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Hungry Kids Don’t Like to Share

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It’s hard to be concerned with lofty philosophical principles when you’re hungry.

A new study from researchers at University of Chicago underscores this point in the context of an ethical dilemma that children face every day: whether to share.

Of course, children aren’t the only ones who need to remember to share, but this particular study focused on children between the ages of four and nine. Which makes sense, because this is an age range when people particularly seem to need reminders about the sometimes inconvenient moral principle that one shouldn’t hoard everything for one’s self.

The study found that between the ages of four and nine, children became more generous about sharing. Good news for parents of four-year-olds everywhere – the future is looking up!

As they got older, children similarly came to expect more fairness from others. In particularly, when resources were allocated by other people, older children tended to more strongly prefer more even allocations.

However, the point of the study wasn’t just to look at whether older children were better at sharing. The researchers decided to throw another wrench into things by asking the question: does being hungry make children worse at sharing?

It turned out that, indeed, children became stingier about sharing with others when they reported being hungry. This was especially true when resources having to do with food were in question, but it held to a lesser extent for other resources as well.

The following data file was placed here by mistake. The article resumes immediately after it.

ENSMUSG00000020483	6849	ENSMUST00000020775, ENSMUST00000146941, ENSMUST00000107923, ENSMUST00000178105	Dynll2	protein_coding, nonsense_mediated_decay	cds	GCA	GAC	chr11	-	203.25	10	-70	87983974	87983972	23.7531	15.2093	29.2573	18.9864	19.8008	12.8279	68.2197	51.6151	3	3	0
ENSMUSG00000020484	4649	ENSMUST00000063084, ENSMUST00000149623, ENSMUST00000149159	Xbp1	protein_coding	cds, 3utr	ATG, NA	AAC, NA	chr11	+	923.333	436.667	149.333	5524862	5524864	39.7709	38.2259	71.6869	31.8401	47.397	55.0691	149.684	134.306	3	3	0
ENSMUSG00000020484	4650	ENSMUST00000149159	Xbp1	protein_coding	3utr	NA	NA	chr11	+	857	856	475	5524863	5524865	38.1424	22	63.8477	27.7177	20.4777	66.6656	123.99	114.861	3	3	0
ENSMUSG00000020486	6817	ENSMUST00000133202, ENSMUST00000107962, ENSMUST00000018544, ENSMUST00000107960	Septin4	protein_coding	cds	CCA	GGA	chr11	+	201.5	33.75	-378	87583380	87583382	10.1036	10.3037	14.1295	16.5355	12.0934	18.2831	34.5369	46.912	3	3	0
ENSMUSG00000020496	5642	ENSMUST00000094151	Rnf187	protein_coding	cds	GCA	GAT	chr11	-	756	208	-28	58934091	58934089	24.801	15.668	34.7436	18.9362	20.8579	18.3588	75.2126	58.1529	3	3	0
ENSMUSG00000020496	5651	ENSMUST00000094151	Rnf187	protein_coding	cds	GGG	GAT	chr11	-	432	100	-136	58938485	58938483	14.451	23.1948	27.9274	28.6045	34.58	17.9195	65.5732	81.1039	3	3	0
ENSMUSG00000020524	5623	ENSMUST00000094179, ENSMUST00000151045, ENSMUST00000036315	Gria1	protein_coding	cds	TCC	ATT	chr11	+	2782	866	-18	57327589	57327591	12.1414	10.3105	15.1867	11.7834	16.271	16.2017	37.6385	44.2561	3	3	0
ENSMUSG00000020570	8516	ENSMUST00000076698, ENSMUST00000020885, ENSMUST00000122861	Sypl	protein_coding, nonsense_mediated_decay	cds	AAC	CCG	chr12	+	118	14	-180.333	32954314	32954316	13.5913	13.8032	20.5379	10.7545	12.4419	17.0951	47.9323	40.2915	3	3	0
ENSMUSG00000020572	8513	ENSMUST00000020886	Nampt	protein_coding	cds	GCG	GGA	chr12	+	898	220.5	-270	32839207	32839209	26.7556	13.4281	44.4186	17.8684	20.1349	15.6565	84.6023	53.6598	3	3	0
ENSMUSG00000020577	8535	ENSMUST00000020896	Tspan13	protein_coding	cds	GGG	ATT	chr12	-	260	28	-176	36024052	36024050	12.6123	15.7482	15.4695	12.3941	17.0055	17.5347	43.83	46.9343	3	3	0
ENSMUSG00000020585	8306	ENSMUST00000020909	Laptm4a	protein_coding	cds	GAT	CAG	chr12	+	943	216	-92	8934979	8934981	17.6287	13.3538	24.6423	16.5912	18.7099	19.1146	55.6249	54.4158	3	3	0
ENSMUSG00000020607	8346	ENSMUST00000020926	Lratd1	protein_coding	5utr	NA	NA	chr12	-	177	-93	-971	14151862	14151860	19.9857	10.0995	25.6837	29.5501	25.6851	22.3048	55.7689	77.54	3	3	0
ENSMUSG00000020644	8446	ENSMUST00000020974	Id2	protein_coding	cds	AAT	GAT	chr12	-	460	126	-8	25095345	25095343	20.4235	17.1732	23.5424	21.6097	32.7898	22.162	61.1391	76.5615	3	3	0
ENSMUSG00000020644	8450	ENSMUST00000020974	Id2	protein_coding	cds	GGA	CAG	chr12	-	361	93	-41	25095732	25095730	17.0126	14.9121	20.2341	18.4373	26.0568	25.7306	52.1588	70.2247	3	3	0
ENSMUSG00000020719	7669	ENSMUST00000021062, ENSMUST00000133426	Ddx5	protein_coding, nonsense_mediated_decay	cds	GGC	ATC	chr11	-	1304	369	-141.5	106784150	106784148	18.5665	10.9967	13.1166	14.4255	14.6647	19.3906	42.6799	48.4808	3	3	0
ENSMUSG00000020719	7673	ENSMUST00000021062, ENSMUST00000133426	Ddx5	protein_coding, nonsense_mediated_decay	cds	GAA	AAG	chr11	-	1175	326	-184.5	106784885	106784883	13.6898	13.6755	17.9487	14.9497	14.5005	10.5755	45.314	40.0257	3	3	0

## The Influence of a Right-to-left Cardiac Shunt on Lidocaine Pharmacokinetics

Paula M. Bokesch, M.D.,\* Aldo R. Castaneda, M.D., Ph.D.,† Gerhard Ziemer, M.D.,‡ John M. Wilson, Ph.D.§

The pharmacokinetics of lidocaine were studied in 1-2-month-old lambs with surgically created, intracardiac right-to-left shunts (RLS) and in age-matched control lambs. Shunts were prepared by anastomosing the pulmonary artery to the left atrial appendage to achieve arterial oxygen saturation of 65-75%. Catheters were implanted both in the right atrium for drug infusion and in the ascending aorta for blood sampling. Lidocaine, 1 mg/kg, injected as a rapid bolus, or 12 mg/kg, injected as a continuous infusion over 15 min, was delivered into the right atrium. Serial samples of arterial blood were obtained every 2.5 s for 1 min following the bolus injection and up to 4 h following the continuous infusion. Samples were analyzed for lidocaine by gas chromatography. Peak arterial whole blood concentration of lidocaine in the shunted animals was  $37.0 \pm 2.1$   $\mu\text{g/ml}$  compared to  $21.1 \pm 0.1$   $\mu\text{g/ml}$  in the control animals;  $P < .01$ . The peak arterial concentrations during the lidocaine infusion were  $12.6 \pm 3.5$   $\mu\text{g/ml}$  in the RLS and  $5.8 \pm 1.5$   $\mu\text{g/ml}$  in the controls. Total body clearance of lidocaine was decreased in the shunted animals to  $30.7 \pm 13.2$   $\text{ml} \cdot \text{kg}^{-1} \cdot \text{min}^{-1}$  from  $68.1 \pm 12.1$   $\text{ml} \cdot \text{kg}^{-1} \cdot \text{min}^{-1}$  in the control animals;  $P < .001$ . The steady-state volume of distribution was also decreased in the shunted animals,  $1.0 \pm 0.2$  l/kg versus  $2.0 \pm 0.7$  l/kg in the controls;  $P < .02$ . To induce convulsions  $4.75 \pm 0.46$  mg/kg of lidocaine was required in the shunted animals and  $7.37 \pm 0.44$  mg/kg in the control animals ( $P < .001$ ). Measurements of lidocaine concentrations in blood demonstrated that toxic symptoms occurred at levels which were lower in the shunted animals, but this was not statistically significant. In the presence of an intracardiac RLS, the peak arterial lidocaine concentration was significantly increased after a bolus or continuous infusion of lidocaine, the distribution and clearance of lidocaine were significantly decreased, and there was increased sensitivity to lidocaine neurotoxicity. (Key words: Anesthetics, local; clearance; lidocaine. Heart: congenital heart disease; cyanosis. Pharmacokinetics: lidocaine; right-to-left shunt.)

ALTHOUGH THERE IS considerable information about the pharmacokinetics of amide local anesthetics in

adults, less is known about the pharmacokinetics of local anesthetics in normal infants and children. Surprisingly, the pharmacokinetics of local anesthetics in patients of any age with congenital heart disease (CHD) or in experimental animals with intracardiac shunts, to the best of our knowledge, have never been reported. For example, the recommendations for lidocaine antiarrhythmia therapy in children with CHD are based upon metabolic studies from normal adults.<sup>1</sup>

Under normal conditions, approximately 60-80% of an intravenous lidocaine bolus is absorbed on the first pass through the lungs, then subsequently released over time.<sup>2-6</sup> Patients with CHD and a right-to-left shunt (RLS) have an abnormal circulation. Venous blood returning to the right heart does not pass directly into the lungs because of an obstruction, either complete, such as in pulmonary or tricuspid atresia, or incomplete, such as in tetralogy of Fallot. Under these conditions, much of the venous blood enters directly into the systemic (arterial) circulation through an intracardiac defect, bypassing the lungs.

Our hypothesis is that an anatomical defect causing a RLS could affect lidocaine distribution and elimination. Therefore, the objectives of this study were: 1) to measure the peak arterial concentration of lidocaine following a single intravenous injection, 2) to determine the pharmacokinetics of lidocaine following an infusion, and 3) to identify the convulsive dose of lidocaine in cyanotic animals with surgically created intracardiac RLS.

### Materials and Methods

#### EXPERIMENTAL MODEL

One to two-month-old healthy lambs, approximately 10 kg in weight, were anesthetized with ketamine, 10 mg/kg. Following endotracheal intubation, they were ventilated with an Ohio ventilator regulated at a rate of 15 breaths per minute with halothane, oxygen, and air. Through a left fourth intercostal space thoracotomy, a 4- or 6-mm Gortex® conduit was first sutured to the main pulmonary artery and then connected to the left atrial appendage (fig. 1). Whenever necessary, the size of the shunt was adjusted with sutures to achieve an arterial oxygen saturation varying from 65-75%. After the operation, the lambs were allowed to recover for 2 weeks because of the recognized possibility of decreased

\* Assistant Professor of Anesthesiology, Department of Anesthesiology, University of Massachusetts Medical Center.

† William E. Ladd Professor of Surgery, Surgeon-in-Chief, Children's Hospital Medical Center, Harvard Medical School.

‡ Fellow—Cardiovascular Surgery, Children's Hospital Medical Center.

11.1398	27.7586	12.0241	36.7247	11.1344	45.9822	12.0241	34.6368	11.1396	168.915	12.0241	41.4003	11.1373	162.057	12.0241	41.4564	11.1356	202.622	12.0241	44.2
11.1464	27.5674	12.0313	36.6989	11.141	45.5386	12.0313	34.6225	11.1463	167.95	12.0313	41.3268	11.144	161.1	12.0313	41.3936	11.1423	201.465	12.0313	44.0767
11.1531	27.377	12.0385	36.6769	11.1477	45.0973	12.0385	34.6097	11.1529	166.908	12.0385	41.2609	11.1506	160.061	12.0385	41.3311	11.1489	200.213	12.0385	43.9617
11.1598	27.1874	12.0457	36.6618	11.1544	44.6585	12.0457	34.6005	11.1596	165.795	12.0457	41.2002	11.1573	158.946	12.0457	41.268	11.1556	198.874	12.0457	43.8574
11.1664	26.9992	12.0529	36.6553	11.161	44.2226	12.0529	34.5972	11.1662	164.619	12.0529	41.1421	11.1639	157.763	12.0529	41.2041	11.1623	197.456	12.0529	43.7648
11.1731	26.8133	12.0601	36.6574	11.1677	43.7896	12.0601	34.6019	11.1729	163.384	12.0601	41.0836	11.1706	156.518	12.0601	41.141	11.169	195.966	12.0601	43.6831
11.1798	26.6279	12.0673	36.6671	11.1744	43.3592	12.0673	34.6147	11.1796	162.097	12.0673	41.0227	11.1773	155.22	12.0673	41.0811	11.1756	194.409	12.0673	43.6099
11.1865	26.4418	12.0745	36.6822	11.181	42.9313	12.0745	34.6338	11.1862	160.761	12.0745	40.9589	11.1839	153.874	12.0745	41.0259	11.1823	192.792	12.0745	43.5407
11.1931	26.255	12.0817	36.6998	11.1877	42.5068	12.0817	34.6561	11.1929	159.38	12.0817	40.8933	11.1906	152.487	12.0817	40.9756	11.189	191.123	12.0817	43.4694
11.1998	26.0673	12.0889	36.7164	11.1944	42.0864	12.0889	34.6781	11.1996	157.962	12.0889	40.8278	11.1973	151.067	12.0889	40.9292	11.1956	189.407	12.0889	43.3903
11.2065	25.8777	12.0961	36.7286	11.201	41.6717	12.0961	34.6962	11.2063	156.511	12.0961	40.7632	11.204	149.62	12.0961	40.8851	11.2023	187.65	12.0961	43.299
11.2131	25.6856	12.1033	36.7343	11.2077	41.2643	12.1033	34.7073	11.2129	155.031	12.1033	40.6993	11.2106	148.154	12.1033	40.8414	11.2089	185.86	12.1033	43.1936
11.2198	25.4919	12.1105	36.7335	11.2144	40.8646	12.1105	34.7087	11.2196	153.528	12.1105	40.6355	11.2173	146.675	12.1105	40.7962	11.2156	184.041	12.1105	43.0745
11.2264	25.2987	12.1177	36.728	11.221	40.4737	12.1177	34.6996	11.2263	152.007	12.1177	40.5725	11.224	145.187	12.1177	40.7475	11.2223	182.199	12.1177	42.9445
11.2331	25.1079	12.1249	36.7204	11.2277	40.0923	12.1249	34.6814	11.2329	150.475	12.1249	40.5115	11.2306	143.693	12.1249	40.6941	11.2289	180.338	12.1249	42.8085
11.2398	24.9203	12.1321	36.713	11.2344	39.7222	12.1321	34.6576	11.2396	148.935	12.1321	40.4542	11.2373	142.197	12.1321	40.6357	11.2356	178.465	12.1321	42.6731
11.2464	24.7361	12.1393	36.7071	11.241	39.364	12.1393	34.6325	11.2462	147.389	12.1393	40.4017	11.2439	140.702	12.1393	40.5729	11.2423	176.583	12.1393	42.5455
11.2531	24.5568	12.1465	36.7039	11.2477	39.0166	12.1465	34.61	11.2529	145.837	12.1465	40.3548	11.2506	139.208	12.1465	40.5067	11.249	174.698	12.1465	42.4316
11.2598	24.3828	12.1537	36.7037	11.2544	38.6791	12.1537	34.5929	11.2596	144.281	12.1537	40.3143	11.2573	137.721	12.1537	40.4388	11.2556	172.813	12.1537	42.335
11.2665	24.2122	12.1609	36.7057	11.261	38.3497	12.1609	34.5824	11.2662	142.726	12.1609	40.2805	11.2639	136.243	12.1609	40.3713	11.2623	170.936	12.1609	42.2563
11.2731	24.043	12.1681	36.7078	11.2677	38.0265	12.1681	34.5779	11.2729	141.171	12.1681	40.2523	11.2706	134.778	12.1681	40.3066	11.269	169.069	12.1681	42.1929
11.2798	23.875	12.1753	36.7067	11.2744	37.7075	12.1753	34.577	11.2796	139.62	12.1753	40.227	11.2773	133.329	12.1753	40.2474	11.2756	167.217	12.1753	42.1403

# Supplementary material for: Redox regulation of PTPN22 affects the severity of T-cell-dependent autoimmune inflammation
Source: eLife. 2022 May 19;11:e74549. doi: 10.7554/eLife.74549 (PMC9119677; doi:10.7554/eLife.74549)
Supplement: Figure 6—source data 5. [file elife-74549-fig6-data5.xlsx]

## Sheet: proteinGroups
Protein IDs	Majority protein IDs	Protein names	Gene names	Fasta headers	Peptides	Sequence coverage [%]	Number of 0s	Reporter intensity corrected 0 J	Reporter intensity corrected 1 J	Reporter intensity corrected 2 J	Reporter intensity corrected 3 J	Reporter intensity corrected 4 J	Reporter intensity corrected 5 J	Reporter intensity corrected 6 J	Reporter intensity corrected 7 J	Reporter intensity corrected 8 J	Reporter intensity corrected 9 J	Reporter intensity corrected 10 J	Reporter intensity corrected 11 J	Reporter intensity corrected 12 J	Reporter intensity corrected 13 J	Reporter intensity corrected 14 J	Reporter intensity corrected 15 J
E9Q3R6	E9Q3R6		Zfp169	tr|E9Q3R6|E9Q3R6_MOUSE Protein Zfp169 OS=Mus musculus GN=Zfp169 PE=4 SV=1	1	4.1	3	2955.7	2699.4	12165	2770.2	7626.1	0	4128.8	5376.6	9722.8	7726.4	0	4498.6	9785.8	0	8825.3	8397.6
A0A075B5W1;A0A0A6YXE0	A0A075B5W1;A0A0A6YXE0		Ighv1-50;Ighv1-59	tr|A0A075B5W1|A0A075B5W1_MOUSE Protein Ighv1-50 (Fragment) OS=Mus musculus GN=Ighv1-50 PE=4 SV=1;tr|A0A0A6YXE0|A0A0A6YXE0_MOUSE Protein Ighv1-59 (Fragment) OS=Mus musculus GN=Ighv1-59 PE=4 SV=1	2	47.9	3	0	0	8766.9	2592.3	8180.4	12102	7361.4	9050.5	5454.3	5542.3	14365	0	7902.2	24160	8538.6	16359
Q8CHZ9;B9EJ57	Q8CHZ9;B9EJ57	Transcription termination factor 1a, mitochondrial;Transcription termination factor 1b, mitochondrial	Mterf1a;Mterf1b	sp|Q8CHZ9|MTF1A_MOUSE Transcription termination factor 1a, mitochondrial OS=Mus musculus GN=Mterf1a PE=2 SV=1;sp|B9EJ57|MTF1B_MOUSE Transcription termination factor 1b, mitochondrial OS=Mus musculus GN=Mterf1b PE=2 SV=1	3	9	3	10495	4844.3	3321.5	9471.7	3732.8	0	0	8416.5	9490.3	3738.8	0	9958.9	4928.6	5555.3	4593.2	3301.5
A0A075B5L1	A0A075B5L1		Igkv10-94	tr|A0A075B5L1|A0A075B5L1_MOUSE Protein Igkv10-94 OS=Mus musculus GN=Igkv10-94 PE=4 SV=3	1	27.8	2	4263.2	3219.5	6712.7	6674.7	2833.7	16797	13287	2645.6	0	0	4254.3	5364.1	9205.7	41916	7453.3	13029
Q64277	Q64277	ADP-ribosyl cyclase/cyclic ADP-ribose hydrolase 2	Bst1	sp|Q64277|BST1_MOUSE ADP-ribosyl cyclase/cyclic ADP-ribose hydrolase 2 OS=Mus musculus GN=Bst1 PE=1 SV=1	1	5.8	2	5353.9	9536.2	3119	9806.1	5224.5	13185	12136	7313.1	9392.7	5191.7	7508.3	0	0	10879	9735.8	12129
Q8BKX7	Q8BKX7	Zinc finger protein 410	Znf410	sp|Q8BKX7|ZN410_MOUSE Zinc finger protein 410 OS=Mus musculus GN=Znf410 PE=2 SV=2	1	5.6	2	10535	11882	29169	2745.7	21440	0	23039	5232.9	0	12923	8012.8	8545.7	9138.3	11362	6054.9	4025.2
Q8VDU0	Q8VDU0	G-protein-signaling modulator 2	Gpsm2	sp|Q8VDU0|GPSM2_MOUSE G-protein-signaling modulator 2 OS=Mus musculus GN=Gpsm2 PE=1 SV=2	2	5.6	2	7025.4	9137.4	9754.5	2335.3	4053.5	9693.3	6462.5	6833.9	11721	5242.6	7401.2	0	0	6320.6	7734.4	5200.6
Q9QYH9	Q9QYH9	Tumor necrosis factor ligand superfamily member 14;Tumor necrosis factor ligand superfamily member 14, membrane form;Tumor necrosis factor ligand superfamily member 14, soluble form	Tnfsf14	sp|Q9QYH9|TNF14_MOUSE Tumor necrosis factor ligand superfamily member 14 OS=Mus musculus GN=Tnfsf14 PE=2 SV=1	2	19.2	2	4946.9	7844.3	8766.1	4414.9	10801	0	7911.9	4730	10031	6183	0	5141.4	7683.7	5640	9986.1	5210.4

At the same time, hungry kids didn’t relax the standards of fairness that they held others to, as the researchers found that “children still expected fairness from others even when behaving differently themselves.”

These results have a couple implications. First, there’s the obvious takeaway that we shouldn’t let kids go hungry – which maybe isn’t so obvious after all, considering that 7.7 percent of households with children are considered “food-insecure.”

More generally, this study is a good reminder that it’s hard to expect prosocial behavior from others if their basic needs are not being met. The fact that being even temporarily hungry in the course of daily life makes children more likely to indiscriminately keep things for themselves goes to show that the ethical decisions people make are not independent of their material circumstances.

In other words, if we want to encourage people to act in a way that contributes to the social good, it will probably help to make sure they have reliable, secure access to the resources they need!

Image: Flickr/Anna

Hungry Kids Don’t Like to Share


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